1. Caregiving leave
  2. Sexual harassment
  3. Gender biases

Women are 70% of primary caregivers and American women spend an average of 3.5 hours more a week on household labor than men. That is why caregiving leave matters to retaining women in the workplace. Caregiving leave needs to be a part of the overall benefits package. This policy should outline the eligibility criteria, the duration of leave allowed, the process for applying for leave and any required documentation. This benefit is often available for anyone that needs time off to care for family members, whether it be for a new child, a sick family member or other caregiving responsibilities. This is especially important for women of color that are three times more likely to experience death or serious health complications during childbirth.

Flexible work arrangements, such as telecommuting or flexible hours, along with an inclusive culture that genuinely values caregiving responsibilities. That means managers and HR personnel need to understand the importance of caregiving leave and the company’s policies and lead by example, demonstrating the commitment to caregiving leave and modeling leave as a part of the employee experience.

Despite the success in gaining awareness with the #MeToo movement, sexual harassment is still commonplace in the workplace. The phrase “Me Too” was initially coined by activist Tarana Burke in 2006 as a way to support survivors of sexual violence, particularly women of color. However, it gained widespread recognition and international prominence when actress Alyssa Milano encouraged people to use the hashtag in response to the sexual misconduct allegations against film producer Harvey Weinstein.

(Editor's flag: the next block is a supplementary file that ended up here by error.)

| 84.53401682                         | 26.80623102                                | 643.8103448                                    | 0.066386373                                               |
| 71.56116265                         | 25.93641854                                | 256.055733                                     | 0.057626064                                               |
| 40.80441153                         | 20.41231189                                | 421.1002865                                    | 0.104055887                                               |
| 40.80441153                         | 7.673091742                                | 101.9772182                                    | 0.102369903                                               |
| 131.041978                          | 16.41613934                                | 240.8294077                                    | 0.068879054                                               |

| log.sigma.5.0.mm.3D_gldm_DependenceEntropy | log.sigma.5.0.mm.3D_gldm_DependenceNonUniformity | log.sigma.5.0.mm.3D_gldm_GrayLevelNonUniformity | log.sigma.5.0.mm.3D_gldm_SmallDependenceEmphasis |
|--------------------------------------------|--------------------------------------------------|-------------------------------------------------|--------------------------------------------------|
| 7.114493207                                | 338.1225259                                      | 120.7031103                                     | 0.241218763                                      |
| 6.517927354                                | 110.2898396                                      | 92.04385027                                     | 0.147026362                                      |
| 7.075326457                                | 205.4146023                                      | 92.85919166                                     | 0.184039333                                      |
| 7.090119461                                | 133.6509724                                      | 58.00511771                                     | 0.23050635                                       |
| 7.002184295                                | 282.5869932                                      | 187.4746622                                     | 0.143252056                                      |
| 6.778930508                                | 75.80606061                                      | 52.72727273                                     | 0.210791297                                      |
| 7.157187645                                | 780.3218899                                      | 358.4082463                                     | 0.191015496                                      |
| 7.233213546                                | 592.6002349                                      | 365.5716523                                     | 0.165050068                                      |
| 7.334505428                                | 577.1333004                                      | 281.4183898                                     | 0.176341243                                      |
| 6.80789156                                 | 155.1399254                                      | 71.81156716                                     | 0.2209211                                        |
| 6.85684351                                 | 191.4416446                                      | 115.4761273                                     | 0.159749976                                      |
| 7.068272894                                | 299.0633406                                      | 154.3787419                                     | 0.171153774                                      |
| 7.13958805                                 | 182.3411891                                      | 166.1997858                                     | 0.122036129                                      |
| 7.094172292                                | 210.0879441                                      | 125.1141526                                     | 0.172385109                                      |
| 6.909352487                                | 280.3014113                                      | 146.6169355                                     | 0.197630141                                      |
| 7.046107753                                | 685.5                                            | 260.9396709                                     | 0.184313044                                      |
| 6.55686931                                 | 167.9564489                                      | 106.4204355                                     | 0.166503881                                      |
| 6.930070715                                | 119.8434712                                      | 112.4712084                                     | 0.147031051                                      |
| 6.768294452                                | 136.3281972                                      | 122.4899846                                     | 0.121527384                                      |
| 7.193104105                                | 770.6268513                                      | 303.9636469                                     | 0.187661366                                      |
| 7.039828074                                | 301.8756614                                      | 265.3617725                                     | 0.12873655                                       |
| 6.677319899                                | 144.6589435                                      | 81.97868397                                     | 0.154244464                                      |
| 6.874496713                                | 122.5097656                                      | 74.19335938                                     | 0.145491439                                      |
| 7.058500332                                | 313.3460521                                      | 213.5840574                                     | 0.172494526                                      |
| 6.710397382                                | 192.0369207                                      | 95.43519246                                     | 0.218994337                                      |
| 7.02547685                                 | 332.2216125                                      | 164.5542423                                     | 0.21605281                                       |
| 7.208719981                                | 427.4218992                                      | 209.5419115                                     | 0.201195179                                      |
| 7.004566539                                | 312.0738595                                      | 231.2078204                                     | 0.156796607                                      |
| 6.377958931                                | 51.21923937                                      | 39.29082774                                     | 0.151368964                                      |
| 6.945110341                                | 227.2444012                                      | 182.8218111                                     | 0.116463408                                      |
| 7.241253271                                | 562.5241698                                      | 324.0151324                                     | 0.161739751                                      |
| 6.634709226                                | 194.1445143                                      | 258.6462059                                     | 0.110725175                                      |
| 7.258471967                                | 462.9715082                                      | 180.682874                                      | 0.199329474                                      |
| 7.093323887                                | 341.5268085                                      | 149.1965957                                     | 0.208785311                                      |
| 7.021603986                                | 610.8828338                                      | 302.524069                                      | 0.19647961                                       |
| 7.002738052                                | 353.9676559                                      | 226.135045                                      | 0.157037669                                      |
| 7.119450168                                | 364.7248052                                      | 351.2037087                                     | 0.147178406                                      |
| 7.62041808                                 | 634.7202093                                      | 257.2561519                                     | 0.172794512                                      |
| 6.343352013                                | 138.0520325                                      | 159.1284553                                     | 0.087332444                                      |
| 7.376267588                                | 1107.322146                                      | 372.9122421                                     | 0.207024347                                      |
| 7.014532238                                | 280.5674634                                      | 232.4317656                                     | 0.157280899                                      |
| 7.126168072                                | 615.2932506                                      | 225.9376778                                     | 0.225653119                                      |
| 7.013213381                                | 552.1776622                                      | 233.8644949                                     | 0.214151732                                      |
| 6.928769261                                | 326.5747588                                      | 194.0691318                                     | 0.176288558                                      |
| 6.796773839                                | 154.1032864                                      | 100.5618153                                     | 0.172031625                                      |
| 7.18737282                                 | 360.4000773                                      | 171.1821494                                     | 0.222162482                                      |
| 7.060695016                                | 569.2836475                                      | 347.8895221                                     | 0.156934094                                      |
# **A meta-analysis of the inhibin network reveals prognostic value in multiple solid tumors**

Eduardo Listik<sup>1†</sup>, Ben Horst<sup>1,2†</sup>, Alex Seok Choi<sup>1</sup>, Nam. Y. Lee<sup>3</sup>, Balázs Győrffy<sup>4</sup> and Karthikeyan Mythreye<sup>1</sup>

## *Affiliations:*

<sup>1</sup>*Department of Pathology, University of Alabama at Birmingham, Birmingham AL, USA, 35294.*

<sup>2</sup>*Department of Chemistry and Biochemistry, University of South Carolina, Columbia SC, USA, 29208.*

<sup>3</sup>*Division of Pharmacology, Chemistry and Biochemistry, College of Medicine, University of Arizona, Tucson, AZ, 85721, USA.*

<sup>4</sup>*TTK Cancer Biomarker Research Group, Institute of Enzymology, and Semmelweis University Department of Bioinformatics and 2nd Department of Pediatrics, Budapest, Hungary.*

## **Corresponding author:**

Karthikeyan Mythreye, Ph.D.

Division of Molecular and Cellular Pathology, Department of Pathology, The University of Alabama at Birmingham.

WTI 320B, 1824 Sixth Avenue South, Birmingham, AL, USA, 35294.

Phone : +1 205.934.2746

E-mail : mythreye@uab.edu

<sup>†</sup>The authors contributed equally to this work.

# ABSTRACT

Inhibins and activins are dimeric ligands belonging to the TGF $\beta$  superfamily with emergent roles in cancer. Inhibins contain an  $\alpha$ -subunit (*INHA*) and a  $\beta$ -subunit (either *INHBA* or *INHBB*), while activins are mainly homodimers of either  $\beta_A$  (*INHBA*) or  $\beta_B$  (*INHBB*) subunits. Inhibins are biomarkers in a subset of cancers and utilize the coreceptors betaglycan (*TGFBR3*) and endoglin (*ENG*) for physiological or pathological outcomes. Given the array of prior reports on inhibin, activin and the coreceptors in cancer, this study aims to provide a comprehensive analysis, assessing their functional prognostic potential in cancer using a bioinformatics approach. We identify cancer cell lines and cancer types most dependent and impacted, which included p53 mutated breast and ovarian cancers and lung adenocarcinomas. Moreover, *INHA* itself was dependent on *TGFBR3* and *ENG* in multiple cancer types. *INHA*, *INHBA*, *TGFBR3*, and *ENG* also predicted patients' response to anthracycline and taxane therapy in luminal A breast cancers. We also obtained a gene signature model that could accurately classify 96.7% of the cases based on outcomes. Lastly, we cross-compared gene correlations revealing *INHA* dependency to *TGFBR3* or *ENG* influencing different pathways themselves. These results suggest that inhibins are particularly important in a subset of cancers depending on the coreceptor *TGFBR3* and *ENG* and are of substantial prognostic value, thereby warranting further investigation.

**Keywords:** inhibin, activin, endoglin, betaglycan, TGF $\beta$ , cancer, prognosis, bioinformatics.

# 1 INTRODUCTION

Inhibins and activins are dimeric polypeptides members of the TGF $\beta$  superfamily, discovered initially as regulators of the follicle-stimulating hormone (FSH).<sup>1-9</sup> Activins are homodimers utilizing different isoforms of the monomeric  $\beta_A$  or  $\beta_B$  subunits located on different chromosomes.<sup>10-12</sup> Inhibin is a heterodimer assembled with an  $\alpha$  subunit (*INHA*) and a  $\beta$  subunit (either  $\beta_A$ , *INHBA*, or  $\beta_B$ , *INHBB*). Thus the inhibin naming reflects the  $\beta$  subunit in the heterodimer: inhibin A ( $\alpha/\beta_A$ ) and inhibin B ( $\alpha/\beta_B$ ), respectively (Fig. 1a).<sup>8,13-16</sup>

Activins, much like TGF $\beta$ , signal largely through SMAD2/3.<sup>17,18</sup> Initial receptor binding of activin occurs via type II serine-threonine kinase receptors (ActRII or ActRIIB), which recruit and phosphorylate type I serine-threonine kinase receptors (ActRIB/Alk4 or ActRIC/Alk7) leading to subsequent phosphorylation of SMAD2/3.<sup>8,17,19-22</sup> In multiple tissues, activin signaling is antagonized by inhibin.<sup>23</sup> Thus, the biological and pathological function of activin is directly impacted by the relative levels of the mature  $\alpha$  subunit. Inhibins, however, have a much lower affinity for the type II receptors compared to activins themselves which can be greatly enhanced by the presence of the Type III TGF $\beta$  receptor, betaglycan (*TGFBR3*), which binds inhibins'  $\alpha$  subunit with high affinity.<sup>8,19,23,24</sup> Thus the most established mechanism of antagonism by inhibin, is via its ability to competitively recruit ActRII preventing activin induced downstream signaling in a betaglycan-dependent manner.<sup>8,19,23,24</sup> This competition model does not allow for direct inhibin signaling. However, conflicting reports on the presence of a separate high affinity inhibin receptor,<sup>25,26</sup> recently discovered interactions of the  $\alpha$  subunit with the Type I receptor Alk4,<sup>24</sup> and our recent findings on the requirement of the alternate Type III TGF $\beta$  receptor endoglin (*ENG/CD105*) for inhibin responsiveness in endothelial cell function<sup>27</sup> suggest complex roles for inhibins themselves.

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According to a 2018 study by the United Nations, which surveyed 19,000 women across 21 countries, approximately 81% of women and 45% of men reported experiencing some form of sexual harassment or assault in their lifetime. In the workplace, a 2016 report by the U.S. Equal Employment Opportunity Commission (EEOC), which focused on workplace harassment, around 25% to 85% of women reported experiencing sexual harassment at work which varies by definition of harassment. It is important to note that women of color experience harassment are higher levels due to their intersectional marginalized identities.

Lastly, gender biases continue to hold women back from leadership, promotion opportunities and pay equity. The pay equity gap now sits at 82% and only 10% of Fortune 500 CEO positions are held by women. In order for these trends to improve more quickly, unintentional yet harmful views of women in the workplace must be reconciled. Biases that reflect a maternal wall where women are seen as less committed as mothers, a tightrope of gender expression and the prove-it-again bias as well as the tug-of-war that often happens between women need to be addressed.

Recognition of Women’s Equality Day and the work needed to close the gaps for women need to continue year-round. To accelerate progress, we must confront and dismantle biases and discriminatory practices that hold women back and work towards creating more inclusive and equitable environments for all.